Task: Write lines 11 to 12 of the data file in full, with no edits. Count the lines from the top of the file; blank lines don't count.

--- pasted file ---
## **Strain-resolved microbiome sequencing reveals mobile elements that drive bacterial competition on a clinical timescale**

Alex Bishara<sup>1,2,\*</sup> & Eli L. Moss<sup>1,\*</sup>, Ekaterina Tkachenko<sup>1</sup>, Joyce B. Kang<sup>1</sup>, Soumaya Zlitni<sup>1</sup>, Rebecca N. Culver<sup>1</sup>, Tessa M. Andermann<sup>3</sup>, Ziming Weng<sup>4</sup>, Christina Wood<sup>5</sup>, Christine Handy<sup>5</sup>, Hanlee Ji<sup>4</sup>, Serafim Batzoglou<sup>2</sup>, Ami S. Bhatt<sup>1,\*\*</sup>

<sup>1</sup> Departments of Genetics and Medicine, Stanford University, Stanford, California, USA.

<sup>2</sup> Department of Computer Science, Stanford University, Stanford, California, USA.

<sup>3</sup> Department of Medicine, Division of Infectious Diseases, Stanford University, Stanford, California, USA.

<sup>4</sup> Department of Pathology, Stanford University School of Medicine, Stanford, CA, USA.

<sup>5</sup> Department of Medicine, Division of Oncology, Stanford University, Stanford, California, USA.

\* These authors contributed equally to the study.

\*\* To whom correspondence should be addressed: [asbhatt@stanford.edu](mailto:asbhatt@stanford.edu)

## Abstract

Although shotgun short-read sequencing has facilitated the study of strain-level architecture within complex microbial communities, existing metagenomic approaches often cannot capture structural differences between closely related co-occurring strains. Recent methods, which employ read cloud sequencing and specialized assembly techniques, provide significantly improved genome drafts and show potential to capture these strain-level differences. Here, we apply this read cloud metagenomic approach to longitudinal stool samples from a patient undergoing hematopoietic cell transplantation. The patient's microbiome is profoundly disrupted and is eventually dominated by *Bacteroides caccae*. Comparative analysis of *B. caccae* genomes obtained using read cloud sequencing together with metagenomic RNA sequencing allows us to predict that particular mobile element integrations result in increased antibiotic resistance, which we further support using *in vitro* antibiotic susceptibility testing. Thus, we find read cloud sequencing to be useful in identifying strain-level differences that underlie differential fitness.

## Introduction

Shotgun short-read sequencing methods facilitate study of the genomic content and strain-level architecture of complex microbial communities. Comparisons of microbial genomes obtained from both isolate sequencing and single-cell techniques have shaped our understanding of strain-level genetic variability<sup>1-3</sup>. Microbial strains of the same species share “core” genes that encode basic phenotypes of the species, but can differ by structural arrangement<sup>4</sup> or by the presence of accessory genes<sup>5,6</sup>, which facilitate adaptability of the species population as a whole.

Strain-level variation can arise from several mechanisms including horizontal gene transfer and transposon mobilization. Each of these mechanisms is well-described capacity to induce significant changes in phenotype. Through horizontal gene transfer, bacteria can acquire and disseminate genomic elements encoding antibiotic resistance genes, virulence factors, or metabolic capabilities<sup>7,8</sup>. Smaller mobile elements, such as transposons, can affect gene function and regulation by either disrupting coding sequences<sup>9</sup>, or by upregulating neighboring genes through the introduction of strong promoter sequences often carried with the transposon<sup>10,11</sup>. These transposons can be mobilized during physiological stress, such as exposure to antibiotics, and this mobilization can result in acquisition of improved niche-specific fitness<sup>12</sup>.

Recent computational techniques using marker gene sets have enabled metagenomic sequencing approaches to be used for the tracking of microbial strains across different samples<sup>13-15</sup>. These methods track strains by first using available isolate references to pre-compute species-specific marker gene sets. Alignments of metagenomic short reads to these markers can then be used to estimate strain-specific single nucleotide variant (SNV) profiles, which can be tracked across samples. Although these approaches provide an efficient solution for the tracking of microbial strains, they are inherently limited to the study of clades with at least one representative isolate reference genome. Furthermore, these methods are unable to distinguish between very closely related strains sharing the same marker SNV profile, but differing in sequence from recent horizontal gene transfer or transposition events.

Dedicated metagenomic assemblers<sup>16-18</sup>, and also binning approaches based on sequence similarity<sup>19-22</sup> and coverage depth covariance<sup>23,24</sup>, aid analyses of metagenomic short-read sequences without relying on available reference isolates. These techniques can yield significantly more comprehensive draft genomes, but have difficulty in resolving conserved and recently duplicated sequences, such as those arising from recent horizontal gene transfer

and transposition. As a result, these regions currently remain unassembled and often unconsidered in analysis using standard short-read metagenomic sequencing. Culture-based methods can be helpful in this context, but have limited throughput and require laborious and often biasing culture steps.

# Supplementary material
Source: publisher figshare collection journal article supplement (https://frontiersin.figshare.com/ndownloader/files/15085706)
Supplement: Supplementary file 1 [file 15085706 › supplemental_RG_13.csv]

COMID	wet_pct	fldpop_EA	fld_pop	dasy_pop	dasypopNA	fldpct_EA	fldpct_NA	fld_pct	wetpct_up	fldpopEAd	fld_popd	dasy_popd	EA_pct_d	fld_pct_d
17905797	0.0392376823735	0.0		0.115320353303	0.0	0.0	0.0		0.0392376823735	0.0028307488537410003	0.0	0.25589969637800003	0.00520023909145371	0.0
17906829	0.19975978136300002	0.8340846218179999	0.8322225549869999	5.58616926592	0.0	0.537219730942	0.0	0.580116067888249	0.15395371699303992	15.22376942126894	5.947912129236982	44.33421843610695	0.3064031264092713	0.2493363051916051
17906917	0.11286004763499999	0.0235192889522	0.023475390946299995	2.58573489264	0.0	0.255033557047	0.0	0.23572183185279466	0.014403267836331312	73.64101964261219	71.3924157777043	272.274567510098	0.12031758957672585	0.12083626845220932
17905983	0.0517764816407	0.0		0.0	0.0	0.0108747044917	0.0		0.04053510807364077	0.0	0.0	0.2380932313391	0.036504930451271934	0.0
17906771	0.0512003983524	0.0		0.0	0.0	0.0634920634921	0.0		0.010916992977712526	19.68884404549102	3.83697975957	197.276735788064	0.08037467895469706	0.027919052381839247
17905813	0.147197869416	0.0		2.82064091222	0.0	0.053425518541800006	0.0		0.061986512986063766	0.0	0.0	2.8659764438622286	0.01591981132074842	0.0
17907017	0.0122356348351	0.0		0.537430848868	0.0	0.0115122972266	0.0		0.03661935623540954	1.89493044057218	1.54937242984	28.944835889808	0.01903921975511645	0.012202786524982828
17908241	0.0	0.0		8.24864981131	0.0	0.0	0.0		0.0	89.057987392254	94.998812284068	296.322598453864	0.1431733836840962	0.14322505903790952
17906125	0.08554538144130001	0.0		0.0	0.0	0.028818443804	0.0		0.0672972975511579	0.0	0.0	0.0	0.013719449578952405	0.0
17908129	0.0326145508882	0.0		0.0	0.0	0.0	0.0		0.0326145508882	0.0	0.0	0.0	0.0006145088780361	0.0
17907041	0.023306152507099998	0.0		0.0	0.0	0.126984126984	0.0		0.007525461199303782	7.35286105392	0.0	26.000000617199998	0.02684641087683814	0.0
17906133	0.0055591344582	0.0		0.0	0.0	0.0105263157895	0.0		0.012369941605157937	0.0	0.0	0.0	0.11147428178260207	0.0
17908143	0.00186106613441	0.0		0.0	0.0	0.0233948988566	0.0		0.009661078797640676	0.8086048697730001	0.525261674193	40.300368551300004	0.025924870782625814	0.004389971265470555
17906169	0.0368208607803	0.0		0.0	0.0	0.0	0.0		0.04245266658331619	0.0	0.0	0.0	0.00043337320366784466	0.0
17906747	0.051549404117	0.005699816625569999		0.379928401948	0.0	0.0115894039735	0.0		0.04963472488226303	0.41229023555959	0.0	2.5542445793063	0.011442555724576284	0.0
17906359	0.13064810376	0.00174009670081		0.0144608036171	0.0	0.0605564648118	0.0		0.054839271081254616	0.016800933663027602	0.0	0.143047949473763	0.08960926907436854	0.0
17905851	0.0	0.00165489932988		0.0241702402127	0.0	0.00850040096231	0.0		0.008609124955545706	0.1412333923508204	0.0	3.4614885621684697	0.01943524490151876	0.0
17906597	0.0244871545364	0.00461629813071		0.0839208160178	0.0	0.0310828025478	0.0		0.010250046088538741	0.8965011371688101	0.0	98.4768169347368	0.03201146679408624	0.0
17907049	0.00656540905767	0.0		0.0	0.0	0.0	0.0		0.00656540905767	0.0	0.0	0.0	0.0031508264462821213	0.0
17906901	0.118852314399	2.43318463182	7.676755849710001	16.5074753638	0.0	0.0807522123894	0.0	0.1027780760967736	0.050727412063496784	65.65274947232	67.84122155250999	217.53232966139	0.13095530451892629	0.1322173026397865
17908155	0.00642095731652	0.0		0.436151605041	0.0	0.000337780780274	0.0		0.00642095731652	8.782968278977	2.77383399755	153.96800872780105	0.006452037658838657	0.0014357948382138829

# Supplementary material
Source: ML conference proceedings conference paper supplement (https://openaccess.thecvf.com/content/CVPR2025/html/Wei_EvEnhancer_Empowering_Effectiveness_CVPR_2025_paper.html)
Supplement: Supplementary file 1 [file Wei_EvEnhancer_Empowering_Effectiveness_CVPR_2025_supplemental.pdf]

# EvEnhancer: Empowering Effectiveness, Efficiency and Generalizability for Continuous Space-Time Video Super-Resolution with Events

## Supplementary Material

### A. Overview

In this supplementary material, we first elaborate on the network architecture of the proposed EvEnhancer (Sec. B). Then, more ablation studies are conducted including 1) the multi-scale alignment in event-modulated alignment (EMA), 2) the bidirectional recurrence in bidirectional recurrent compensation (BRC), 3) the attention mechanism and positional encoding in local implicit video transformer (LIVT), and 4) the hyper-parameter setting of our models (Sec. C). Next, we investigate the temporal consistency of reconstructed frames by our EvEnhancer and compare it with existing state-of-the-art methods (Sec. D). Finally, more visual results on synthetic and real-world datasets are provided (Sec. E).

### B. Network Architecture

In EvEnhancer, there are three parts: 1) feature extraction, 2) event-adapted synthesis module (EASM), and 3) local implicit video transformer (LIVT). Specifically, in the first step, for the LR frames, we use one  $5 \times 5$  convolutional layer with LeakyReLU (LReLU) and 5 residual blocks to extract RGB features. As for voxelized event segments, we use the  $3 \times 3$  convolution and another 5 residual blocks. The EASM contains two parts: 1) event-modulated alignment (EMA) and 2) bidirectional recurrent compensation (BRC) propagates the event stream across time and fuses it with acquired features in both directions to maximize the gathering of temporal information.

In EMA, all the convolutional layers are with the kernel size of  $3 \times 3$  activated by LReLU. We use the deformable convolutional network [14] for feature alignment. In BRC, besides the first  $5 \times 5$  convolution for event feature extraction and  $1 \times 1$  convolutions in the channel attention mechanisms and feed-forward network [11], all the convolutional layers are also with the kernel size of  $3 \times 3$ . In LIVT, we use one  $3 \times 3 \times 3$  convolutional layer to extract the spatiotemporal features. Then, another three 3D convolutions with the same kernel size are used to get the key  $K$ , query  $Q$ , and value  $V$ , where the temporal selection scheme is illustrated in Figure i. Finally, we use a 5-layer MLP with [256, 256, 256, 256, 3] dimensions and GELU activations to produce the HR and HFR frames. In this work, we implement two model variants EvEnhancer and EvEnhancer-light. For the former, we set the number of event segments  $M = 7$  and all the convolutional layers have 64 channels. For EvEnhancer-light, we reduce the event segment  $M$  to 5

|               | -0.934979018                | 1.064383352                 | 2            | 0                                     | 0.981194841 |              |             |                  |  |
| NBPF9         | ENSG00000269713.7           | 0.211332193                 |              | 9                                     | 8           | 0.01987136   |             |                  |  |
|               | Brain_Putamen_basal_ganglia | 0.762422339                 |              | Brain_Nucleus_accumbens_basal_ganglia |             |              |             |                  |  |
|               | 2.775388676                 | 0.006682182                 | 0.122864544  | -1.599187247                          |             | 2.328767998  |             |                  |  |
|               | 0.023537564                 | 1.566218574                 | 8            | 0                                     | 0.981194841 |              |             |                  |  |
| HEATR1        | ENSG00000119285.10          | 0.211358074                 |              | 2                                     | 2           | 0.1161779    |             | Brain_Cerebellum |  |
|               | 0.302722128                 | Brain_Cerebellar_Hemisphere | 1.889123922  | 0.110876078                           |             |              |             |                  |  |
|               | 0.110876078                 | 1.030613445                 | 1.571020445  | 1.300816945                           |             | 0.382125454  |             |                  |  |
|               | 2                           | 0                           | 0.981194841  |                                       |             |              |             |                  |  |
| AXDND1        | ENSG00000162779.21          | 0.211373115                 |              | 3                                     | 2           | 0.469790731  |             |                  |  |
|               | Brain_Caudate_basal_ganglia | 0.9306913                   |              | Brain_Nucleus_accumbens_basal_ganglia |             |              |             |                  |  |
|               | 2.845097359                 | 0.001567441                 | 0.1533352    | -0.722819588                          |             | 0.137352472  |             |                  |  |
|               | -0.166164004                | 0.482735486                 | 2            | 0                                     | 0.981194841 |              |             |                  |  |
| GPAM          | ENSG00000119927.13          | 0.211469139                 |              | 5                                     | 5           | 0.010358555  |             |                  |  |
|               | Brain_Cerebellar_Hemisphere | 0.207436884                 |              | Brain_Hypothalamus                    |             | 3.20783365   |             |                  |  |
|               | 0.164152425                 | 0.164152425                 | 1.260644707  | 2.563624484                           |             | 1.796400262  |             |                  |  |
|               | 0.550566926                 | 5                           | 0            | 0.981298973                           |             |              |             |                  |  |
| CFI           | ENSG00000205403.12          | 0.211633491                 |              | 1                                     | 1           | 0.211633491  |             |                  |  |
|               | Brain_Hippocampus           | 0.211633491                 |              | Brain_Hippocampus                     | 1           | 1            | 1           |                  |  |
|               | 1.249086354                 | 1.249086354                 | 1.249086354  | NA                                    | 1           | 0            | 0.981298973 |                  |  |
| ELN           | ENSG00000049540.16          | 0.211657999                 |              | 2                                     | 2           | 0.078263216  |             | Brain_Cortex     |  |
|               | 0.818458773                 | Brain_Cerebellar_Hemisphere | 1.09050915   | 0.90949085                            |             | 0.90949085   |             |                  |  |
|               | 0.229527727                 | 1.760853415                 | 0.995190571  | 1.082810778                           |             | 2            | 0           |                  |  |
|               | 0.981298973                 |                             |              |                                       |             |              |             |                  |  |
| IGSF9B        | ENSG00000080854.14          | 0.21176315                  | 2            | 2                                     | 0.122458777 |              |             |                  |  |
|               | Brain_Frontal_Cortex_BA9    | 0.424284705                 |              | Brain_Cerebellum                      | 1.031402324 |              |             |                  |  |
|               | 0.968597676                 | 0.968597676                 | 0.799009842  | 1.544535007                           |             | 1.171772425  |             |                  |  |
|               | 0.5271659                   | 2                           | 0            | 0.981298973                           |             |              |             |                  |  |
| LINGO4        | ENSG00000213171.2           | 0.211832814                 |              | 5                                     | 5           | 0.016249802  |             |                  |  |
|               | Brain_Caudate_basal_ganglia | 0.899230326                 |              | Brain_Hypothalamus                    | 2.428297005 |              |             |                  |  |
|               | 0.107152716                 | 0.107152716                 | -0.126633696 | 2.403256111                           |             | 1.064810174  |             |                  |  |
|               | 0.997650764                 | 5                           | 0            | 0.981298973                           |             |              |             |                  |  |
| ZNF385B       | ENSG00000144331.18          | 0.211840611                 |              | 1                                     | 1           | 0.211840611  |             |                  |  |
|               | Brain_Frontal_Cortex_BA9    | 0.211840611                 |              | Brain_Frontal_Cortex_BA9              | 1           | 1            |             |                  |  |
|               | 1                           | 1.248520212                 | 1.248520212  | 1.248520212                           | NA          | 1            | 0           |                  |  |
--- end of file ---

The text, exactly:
Although shotgun short-read sequencing has facilitated the study of strain-level architecture within complex microbial communities, existing metagenomic approaches often cannot capture structural differences between closely related co-occurring strains. Recent methods, which employ read cloud sequencing and specialized assembly techniques, provide significantly improved genome drafts and show potential to capture these strain-level differences. Here, we apply this read cloud metagenomic approach to longitudinal stool samples from a patient undergoing hematopoietic cell transplantation. The patient's microbiome is profoundly disrupted and is eventually dominated by *Bacteroides caccae*. Comparative analysis of *B. caccae* genomes obtained using read cloud sequencing together with metagenomic RNA sequencing allows us to predict that particular mobile element integrations result in increased antibiotic resistance, which we further support using *in vitro* antibiotic susceptibility testing. Thus, we find read cloud sequencing to be useful in identifying strain-level differences that underlie differential fitness.

## Introduction